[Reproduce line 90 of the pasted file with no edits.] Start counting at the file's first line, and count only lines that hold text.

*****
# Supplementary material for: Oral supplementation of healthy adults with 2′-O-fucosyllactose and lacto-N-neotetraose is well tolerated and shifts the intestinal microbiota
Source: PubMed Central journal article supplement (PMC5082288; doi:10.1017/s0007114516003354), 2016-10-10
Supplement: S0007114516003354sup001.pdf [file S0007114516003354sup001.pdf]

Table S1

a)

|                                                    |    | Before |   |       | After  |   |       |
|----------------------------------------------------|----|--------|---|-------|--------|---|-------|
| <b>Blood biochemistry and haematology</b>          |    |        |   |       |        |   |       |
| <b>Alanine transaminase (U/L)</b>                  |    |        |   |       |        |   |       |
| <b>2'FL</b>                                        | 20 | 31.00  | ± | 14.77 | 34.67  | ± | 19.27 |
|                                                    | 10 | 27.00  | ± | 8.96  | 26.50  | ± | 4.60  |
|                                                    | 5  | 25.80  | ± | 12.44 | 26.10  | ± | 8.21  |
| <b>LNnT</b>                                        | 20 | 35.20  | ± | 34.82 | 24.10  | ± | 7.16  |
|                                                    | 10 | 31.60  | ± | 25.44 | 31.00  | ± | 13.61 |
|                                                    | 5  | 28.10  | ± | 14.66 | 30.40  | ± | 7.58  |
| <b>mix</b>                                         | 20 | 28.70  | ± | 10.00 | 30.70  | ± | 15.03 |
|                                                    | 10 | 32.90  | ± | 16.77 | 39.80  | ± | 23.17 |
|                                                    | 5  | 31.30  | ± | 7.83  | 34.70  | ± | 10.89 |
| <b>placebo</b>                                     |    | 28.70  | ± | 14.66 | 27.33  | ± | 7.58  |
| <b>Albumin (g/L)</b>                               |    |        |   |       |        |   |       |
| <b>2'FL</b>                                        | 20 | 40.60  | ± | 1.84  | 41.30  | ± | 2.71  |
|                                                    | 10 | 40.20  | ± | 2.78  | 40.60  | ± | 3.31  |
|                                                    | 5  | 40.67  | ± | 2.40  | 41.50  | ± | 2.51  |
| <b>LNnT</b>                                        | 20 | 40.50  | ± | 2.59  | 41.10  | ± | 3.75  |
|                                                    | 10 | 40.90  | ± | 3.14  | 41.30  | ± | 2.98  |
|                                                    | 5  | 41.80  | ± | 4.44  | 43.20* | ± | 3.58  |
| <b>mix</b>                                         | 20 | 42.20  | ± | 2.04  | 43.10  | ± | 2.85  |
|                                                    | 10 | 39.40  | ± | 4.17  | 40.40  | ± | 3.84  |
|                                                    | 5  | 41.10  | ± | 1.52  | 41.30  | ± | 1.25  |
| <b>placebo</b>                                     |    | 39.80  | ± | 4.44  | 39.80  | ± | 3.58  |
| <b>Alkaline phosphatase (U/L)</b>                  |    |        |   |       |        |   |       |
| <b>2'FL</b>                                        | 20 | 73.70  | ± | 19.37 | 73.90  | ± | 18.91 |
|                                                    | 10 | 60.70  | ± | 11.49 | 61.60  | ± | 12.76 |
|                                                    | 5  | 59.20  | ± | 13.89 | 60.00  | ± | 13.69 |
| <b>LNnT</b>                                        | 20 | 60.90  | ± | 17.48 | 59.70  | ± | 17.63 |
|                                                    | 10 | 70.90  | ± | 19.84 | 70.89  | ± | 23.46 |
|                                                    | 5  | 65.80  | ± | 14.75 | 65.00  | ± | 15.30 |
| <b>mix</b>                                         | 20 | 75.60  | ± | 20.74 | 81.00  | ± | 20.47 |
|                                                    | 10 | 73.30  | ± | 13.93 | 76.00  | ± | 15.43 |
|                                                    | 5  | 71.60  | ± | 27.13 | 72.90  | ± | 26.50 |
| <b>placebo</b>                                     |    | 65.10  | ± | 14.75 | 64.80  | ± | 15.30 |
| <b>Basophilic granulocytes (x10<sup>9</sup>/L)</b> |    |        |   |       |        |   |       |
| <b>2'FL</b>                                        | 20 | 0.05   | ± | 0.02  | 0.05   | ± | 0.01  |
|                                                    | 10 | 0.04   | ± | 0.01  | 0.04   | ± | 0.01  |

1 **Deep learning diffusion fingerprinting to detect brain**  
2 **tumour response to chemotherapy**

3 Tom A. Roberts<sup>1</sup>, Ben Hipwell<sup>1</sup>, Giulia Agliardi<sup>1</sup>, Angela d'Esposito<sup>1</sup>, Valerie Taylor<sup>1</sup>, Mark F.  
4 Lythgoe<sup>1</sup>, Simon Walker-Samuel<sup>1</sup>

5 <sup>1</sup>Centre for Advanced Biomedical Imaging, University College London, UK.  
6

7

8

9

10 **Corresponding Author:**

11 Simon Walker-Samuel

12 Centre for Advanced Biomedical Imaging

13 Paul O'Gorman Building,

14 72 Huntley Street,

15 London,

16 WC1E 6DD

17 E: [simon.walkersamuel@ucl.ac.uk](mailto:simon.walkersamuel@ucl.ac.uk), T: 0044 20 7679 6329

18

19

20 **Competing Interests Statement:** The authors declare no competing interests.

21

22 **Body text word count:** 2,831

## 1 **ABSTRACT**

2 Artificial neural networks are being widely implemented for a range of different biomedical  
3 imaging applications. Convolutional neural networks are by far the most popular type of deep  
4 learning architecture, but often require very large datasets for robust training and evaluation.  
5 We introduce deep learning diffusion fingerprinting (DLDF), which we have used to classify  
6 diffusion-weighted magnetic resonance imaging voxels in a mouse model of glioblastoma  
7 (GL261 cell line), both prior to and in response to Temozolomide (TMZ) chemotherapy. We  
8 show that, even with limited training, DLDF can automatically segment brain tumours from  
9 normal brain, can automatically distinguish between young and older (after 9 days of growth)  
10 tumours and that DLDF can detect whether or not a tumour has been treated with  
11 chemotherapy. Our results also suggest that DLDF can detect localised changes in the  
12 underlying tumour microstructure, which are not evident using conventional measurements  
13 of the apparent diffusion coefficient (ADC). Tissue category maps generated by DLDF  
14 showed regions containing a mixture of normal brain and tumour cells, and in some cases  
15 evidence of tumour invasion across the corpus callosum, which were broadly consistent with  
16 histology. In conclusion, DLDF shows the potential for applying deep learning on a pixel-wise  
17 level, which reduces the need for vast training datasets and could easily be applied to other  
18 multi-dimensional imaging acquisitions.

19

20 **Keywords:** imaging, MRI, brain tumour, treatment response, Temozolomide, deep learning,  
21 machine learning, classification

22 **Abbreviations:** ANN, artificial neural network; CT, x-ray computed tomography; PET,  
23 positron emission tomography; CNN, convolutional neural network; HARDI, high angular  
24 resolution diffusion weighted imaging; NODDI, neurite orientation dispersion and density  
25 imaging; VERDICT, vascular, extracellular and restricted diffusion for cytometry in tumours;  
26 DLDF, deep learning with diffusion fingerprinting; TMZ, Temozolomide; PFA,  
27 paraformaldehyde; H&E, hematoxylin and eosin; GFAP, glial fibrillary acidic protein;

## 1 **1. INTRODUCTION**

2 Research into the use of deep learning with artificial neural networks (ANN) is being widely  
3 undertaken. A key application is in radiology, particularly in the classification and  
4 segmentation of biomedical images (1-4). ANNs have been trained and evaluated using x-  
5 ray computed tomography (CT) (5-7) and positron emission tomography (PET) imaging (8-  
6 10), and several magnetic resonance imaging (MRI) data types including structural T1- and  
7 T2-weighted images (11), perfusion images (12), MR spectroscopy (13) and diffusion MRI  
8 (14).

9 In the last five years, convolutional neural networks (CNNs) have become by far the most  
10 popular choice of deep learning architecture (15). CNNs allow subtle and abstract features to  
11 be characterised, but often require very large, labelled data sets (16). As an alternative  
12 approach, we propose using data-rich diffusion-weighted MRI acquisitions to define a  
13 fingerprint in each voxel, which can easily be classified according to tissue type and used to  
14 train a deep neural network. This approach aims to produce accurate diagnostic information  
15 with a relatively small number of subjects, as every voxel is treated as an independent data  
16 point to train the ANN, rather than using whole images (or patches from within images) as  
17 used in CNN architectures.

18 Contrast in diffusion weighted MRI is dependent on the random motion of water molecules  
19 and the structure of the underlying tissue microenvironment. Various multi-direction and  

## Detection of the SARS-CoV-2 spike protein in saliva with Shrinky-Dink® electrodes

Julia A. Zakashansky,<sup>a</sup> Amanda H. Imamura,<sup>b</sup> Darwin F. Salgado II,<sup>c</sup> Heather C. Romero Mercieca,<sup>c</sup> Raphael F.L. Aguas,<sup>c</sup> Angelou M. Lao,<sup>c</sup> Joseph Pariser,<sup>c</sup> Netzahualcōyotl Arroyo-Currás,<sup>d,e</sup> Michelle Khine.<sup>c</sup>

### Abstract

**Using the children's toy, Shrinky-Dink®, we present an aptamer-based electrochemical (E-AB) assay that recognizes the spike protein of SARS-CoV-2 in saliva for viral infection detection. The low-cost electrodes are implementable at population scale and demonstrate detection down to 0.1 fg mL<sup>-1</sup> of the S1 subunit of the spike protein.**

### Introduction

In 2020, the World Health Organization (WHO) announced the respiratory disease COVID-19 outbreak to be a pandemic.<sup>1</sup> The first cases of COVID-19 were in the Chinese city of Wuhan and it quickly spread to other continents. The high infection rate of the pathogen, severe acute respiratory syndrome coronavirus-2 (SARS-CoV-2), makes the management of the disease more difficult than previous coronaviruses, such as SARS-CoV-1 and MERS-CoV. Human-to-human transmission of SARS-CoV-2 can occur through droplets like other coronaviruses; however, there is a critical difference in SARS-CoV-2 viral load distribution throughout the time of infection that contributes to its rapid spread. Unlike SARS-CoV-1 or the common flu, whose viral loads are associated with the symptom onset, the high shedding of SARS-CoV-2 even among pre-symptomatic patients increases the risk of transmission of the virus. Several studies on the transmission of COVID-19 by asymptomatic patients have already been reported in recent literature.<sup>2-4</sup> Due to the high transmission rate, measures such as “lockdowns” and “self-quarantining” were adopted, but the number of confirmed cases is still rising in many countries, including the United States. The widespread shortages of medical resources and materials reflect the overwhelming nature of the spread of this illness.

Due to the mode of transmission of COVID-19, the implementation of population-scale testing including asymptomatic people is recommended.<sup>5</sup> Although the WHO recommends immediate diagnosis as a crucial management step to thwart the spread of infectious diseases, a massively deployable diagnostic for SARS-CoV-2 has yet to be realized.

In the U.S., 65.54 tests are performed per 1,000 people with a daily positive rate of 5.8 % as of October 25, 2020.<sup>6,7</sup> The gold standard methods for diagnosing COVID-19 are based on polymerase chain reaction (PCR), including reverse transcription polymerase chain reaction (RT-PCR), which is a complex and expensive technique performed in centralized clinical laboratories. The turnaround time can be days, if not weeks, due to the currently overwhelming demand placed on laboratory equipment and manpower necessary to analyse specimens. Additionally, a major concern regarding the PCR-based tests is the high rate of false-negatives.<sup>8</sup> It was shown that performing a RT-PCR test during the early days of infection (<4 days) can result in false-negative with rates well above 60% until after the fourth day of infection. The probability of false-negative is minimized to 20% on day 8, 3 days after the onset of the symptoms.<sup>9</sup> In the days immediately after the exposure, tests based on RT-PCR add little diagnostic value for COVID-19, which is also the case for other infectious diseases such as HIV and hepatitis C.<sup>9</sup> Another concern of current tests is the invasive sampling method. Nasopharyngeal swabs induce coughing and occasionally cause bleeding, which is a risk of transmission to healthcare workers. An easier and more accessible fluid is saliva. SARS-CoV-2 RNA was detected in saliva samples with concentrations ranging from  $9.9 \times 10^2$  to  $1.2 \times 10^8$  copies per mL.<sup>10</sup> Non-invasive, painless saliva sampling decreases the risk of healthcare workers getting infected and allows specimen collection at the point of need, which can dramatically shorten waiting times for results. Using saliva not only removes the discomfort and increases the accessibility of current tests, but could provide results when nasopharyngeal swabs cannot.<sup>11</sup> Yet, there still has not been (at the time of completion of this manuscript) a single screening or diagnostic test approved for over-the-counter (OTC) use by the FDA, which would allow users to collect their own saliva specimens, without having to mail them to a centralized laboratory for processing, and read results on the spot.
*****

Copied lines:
24 resolution diffusion weighted imaging; NODDI, neurite orientation dispersion and density  